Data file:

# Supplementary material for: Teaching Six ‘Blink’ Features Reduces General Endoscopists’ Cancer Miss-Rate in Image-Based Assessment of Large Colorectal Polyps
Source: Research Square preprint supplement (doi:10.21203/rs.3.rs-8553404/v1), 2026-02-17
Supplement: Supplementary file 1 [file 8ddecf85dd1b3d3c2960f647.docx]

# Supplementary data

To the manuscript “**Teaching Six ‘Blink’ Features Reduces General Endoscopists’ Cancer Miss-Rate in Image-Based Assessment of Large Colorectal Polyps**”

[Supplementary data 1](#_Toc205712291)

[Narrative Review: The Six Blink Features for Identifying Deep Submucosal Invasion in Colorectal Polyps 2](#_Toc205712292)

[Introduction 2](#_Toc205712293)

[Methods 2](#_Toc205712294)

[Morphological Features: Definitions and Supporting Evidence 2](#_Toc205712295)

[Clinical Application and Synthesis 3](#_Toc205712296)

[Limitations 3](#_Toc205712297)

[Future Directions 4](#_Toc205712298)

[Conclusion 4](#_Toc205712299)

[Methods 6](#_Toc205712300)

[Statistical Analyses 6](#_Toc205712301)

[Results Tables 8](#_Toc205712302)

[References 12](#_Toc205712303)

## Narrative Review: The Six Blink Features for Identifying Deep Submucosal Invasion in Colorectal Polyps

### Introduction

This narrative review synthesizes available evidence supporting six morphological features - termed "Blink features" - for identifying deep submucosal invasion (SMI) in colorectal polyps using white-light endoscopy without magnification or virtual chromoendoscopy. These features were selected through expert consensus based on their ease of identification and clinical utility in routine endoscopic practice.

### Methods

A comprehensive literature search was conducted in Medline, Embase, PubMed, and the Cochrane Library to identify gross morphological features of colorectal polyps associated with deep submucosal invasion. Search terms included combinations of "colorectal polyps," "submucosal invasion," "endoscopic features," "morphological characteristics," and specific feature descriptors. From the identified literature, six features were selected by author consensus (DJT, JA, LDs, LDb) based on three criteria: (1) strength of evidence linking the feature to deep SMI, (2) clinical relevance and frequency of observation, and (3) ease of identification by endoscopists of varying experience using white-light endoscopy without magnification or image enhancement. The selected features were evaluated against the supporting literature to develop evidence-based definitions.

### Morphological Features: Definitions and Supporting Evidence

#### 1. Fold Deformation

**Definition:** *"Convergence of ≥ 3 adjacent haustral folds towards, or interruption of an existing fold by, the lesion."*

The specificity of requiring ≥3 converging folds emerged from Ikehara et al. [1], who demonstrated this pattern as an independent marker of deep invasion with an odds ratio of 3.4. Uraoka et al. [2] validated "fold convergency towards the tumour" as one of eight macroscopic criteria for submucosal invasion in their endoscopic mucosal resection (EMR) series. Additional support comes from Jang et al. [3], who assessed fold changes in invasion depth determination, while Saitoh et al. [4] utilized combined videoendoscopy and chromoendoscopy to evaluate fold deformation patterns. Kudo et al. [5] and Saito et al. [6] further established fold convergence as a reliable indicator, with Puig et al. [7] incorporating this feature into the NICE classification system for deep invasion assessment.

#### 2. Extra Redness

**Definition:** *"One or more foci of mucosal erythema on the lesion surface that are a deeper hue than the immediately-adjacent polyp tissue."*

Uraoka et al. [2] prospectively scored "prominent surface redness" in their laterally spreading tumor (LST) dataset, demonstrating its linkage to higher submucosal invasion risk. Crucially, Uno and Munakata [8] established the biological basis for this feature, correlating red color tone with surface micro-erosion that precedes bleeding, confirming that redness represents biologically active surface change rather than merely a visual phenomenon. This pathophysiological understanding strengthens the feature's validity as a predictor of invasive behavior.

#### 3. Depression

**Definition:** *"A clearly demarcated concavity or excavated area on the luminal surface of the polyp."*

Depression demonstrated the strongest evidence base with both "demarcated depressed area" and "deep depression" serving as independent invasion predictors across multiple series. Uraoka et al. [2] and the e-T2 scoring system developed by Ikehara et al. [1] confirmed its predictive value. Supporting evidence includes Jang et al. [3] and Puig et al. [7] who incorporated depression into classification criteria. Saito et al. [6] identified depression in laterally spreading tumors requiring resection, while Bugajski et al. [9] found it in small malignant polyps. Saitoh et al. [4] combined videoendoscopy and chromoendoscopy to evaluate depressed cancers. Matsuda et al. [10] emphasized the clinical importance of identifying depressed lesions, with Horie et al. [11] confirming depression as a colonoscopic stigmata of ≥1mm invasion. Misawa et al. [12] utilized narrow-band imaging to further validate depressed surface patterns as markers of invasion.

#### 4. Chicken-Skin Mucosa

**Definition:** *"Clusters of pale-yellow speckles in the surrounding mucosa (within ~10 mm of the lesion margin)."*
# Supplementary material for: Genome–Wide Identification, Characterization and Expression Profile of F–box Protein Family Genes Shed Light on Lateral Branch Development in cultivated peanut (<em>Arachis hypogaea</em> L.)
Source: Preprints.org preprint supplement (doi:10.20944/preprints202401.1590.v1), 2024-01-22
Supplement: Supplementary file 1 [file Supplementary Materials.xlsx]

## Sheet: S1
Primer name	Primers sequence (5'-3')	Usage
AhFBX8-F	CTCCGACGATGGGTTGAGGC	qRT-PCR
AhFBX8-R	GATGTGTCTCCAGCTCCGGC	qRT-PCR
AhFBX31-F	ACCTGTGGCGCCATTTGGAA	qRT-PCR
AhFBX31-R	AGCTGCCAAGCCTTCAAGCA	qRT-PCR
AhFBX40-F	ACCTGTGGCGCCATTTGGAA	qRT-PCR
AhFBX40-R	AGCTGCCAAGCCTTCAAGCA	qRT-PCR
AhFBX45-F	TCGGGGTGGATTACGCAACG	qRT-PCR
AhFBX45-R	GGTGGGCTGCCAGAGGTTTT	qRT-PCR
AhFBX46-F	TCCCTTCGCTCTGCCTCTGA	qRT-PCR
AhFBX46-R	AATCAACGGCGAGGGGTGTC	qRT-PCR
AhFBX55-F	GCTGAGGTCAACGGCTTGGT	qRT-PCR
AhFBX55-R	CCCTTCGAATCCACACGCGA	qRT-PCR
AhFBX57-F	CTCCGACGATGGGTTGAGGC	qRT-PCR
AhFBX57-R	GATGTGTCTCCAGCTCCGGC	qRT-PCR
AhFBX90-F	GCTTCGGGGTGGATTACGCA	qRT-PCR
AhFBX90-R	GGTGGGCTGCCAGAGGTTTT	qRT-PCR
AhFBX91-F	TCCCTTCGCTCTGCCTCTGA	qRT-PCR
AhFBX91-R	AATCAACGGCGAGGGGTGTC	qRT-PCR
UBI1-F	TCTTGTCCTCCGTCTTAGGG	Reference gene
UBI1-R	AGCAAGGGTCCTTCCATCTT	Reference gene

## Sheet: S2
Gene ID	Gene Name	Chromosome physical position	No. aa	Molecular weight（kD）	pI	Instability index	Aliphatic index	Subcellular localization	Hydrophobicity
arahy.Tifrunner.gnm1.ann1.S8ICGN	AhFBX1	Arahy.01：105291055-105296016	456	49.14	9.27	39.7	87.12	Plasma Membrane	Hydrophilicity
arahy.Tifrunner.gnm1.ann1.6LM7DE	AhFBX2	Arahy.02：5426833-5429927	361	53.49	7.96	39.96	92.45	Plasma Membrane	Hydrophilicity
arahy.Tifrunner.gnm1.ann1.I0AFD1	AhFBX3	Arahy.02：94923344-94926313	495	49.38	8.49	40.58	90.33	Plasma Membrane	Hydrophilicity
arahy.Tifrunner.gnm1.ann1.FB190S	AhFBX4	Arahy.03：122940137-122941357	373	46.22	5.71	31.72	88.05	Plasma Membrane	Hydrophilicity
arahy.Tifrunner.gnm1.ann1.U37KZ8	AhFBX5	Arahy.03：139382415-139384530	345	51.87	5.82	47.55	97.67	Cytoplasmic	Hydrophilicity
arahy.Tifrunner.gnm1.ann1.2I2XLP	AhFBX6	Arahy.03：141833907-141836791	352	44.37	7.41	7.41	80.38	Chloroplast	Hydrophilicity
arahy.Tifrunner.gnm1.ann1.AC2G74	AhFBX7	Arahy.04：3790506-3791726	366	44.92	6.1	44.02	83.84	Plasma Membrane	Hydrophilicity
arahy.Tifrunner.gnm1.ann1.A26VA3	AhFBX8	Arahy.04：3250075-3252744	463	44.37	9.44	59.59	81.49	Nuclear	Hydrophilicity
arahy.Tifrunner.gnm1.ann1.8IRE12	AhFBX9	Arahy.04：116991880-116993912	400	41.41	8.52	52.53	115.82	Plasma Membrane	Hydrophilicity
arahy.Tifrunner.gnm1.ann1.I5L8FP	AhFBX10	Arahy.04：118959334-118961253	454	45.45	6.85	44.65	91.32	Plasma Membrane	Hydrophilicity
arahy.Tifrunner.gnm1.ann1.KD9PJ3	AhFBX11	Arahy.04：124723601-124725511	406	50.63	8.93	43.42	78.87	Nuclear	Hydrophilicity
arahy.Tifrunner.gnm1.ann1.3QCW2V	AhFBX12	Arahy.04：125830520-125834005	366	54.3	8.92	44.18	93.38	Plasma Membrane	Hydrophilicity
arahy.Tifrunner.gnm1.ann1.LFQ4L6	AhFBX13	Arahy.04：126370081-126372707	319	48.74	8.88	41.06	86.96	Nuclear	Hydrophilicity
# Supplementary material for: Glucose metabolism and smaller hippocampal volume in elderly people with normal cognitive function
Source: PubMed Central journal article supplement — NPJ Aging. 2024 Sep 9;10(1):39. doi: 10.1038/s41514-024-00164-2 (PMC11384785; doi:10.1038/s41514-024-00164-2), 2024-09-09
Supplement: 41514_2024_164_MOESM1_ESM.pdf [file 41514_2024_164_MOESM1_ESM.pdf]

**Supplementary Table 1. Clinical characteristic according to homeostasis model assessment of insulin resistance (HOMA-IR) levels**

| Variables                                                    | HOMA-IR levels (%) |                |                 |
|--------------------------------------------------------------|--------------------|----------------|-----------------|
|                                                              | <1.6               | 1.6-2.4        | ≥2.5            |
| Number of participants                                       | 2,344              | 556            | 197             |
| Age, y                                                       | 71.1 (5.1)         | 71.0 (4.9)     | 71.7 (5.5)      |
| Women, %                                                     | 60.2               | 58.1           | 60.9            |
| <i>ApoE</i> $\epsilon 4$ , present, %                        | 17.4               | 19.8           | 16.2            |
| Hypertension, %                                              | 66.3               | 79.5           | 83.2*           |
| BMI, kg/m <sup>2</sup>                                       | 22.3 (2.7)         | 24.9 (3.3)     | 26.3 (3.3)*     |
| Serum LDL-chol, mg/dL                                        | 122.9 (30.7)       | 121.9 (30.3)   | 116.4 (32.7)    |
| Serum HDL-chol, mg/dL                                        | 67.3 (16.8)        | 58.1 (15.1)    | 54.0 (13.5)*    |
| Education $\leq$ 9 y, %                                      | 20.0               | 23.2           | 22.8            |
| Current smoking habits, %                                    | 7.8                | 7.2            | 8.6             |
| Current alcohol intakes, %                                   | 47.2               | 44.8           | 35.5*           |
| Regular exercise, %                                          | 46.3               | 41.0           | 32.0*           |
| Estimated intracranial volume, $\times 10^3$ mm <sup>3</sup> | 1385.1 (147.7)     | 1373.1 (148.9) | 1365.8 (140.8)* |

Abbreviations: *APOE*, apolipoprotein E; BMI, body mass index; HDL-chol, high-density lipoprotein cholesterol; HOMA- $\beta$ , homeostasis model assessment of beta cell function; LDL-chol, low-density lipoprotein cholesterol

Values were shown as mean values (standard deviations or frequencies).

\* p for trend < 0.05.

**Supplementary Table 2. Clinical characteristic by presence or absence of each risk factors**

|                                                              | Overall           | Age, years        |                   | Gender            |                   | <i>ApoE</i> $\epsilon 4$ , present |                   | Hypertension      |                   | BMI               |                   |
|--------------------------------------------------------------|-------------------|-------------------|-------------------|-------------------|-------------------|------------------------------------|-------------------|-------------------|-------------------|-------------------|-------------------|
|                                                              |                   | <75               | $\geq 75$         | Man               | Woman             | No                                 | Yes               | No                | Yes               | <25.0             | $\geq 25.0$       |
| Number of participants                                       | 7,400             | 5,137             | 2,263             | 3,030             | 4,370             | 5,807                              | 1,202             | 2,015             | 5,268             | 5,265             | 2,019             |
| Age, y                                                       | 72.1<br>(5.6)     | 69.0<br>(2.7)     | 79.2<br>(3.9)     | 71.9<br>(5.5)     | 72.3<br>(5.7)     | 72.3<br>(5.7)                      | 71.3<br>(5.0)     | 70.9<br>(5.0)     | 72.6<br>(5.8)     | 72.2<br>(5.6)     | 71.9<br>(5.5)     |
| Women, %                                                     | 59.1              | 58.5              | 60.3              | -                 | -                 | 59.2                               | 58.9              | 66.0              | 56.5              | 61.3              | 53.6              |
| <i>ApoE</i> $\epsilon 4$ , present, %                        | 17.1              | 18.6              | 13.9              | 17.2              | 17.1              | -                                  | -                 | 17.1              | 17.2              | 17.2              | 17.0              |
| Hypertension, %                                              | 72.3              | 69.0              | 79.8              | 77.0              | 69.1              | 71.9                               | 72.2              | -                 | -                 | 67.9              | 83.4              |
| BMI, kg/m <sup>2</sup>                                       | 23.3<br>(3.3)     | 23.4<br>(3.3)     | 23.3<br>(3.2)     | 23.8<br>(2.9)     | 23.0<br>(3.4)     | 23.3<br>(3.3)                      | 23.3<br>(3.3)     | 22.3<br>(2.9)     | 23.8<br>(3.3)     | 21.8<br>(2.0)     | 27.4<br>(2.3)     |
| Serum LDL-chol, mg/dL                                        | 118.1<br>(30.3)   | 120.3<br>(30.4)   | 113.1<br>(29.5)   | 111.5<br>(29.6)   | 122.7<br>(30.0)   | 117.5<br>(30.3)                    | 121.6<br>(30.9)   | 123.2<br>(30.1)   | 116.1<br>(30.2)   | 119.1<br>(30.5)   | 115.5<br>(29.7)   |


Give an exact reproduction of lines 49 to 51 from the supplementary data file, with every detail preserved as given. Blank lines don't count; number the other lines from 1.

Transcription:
AhFBX46-F	TCCCTTCGCTCTGCCTCTGA	qRT-PCR
AhFBX46-R	AATCAACGGCGAGGGGTGTC	qRT-PCR
AhFBX55-F	GCTGAGGTCAACGGCTTGGT	qRT-PCR